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Media Response

Updated: Oct 9, 2021

SHARIA/faith based COURT IN CANADA

Aljazeera Net, Globe and Mail 12/09/05, London Free Pres, CBC NEWS, The Brandon Sun, Toronto Now,National Post , Columbia Daily Tribune,

Elle Magazine, Globe and Mail, Chicago Sun-Times, Toronto Star, National Post Toronto Sun, Globe and Mail sept,8th, WeNews Correspopondent

Aljazeera Net

Canada sharia proposal draws protest by Saturday 10 September 2005 8:56 AM GMT

Canada lets Jewish and Catholic tribunals settle family disputes

A proposal to allow Canadian citizens to use sharia, Muslim religious law, for settling family disputes has drawn protests from around the world.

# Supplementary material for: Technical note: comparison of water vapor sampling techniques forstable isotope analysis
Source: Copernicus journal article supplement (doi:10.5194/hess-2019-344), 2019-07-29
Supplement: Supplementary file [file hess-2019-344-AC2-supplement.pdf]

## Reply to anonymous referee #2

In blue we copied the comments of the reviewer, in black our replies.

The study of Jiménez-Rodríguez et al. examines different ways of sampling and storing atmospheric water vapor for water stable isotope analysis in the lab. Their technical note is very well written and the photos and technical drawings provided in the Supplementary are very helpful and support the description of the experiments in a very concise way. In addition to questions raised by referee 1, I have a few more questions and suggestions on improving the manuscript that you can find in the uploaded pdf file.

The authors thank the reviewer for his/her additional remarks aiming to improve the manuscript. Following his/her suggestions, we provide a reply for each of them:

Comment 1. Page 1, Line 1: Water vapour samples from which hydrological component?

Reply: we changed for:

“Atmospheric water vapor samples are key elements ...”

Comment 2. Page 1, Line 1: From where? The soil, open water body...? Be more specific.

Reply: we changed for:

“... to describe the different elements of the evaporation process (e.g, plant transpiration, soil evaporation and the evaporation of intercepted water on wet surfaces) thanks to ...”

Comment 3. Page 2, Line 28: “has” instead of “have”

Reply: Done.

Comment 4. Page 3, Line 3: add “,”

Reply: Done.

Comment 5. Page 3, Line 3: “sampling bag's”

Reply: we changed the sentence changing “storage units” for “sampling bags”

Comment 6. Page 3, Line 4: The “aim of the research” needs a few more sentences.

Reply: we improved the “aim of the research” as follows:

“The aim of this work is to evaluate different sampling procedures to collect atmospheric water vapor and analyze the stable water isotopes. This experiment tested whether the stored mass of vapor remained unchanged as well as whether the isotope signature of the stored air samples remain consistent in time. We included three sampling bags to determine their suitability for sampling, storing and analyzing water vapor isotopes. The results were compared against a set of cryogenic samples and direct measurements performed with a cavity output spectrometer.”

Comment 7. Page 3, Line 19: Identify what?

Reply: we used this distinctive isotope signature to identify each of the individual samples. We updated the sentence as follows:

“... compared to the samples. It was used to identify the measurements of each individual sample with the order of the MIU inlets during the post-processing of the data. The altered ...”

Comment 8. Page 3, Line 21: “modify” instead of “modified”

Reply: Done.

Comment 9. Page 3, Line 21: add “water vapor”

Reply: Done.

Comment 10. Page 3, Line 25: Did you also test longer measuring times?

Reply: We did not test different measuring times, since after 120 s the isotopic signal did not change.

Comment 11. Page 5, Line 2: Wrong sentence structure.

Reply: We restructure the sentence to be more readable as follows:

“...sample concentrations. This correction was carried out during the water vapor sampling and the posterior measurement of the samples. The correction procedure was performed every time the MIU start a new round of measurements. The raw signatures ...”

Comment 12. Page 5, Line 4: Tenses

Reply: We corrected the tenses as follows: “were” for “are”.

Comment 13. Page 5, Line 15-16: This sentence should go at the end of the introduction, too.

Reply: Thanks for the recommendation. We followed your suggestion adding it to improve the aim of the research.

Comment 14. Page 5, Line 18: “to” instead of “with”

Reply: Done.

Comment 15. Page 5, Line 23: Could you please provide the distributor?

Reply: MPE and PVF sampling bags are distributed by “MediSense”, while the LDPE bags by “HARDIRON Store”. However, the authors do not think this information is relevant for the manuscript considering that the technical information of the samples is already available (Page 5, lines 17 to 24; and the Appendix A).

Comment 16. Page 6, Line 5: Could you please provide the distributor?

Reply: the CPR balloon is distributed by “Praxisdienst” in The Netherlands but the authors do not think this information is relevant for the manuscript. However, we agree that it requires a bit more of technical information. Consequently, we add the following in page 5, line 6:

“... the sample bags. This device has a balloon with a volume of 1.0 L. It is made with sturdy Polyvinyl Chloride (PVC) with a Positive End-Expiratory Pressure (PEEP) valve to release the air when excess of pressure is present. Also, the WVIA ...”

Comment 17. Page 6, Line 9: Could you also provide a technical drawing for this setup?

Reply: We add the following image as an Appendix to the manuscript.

"The rise of sharia in Canada is not a coincidence. It is part of a global movement and it is a threat," said Homa Arjomand, who organised the Torontoprotest.

"Women's rights are not negotiable, and we will not tolerate the interference of religion in our justice system."

In the western German city of Dusseldorf, about 25 people protested at the Canadian consulate.

'Religion is sickness'

"If the sharia is used in Canada, I also feel threatened here," said protester Nasrin Ramzanali, who said there should be a clear separation of church and state.

At the Canadian embassy in The Hague, about two dozen people gathered to oppose the proposal.


Some protesters were born in Iran, where sharia is the law

"Religion is a sickness, and you don't open the door to invite sickness in," organiser Ebrahimi Poer said.